Andrew Chen, a prolific blogger and Silicon Valley entrepreneur, had a wonderful post echoing some of the points I’ve made in the past about the serious but often overlooked drawbacks to starting a company in Silicon Valley.
Now that I’ve been here for a few years, it’s clear to me that the Silicon Valley echochamber has its clear negatives as well. Being out of touch with the average American consumer is one obvious negative. Chasing down technological rabbit holes is another.
Andrew goes on to discuss the downside of peer reinforcement from fellow entrepreneurs and engineers. These conversations often “[guide] the decisions of many employees or investors to dive deeply into the ‘hot’ markets” and leads to copycats who “are only in it to exploit the short-term advantages of the market, and some are self-admittedly not passionate about the area they go into.” This, in turn, hurts the company’s long term chance for success.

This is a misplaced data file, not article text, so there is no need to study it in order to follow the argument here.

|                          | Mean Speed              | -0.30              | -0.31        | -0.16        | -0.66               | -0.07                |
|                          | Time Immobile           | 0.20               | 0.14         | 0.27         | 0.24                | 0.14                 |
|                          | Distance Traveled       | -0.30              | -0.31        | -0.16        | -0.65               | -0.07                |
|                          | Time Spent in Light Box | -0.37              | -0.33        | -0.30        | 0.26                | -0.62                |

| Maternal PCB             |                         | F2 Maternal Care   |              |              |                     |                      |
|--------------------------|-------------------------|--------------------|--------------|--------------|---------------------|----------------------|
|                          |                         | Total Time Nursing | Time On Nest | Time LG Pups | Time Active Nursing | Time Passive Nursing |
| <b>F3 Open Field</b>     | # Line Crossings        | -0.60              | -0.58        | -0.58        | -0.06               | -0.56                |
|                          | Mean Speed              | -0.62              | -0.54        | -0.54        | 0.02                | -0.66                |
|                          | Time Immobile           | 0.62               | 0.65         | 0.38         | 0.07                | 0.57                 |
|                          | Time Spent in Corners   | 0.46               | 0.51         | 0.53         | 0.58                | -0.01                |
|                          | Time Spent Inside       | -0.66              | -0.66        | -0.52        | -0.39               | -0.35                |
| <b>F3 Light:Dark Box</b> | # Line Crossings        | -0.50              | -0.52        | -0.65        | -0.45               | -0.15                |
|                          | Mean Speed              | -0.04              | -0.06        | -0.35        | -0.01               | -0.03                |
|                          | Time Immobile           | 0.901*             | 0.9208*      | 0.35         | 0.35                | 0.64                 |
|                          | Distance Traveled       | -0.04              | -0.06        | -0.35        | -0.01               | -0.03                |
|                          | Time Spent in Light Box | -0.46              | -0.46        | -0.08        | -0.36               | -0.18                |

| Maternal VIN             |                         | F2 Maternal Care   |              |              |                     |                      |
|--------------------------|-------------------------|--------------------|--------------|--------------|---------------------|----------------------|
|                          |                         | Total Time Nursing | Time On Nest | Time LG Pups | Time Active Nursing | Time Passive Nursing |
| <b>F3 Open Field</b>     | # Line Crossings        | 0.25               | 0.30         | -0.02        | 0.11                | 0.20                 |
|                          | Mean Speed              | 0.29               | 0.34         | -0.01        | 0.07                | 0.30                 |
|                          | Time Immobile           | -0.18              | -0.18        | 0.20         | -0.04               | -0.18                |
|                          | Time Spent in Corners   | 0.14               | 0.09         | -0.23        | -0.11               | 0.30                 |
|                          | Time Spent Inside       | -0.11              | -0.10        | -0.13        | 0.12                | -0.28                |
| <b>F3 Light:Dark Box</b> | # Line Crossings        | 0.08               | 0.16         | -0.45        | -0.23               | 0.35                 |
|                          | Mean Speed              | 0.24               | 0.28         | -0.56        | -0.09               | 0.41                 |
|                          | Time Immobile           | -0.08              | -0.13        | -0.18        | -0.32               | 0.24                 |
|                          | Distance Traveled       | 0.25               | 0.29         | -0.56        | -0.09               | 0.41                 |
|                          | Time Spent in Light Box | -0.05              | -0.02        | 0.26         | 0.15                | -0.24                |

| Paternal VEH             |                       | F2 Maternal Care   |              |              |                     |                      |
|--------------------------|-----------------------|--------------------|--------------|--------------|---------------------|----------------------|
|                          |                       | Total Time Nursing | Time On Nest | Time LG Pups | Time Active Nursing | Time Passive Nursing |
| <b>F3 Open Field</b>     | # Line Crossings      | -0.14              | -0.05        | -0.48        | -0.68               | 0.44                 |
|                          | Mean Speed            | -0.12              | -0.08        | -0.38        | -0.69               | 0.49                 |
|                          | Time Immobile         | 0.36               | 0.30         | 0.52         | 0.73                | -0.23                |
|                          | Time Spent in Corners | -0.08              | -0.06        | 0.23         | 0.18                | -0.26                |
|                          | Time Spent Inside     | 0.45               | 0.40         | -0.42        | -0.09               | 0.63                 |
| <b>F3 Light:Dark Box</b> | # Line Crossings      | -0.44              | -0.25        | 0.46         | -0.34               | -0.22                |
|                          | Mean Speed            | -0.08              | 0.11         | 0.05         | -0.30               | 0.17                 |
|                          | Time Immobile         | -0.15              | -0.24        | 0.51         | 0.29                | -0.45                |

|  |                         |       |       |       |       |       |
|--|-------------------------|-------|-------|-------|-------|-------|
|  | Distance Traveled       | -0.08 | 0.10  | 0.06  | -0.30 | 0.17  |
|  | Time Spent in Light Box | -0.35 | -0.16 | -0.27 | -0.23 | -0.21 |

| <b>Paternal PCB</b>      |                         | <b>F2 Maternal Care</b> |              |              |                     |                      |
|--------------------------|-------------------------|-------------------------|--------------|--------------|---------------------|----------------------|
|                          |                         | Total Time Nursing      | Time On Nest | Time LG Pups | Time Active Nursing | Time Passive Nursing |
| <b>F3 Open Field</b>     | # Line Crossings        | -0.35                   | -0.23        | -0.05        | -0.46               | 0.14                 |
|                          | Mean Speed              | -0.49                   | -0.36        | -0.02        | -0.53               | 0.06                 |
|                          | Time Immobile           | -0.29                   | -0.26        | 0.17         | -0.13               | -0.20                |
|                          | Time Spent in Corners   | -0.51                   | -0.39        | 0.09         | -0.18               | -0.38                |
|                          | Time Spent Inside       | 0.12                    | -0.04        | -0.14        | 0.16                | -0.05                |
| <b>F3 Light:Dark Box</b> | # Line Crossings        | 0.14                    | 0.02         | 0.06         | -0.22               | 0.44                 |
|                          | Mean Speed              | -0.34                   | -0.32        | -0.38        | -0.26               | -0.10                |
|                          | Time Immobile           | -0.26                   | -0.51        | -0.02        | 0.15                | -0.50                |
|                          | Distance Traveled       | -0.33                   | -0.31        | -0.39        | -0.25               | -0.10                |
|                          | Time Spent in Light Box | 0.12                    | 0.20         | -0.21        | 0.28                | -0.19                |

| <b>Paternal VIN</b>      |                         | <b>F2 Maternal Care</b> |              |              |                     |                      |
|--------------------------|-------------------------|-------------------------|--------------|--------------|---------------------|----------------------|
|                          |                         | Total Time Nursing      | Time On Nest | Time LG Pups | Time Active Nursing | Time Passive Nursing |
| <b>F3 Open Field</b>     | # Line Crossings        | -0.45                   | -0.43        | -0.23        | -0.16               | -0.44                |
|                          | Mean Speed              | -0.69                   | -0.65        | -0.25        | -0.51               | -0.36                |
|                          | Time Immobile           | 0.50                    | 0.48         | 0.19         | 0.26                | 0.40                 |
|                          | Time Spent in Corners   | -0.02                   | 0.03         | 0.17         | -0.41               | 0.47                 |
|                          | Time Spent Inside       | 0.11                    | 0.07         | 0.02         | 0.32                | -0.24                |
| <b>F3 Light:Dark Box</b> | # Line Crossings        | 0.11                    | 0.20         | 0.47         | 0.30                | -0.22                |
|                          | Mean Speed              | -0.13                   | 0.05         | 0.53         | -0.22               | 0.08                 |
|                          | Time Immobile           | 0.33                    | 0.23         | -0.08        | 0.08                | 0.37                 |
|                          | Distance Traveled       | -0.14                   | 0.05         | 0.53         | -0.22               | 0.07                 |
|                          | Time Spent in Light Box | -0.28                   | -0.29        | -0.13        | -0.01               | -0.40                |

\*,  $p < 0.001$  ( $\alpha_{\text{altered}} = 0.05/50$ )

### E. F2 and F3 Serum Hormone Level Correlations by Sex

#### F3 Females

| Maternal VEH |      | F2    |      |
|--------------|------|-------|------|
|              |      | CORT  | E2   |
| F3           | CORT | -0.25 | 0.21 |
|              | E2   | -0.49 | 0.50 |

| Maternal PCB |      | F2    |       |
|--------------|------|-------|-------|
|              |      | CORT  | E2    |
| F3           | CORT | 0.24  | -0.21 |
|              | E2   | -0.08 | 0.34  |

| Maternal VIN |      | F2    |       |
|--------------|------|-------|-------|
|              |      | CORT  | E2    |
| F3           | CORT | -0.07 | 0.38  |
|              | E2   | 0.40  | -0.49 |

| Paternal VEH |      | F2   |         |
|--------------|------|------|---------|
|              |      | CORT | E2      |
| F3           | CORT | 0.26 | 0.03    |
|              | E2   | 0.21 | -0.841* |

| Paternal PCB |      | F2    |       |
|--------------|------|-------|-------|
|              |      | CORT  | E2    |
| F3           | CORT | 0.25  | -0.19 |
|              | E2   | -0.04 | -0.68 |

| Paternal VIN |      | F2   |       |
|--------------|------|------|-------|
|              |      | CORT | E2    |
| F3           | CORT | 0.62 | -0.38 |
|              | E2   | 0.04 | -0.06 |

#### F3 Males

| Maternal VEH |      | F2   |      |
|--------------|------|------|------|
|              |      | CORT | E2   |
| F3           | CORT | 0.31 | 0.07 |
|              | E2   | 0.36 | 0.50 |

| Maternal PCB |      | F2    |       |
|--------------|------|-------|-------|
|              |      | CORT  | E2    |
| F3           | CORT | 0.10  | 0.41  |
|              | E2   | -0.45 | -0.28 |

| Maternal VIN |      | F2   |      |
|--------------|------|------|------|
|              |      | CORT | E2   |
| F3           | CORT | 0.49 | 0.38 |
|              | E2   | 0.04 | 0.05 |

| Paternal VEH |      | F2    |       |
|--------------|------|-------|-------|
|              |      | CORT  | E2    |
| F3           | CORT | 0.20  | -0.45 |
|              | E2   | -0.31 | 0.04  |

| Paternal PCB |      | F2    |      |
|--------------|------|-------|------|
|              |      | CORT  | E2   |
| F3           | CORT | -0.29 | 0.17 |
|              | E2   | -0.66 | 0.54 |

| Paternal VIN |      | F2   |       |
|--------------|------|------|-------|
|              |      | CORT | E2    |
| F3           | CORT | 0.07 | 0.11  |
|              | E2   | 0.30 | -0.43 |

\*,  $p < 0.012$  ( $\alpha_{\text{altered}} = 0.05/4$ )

One thing I’ve noticed about startup cities like Pittsburgh or New York is that many of the startups there are refreshingly innovative. I mean, just look at the list of recent AlphaLab companies – it’s such a broad mix of companies that are really pushing the envelope in their respective areas.
Fundamentally, we all seek external validation for our ideas – but the fact that there’s less peer validation drives those outside of Silicon Valley to seek that validation from customers and from more introspection. Speaking from my own experience, I know this has led us to refine our offering in ways that we probably never would have arrived at otherwise. my own experience, has led us to refine our product in ways that we probably wouldn’t have done otherwise. (Ironically enough, much of this happened while we were in Silicon Valley though).
Of course, that doesn’t mean you can ignore Silicon Valley- after all, we are ultimately competing with it.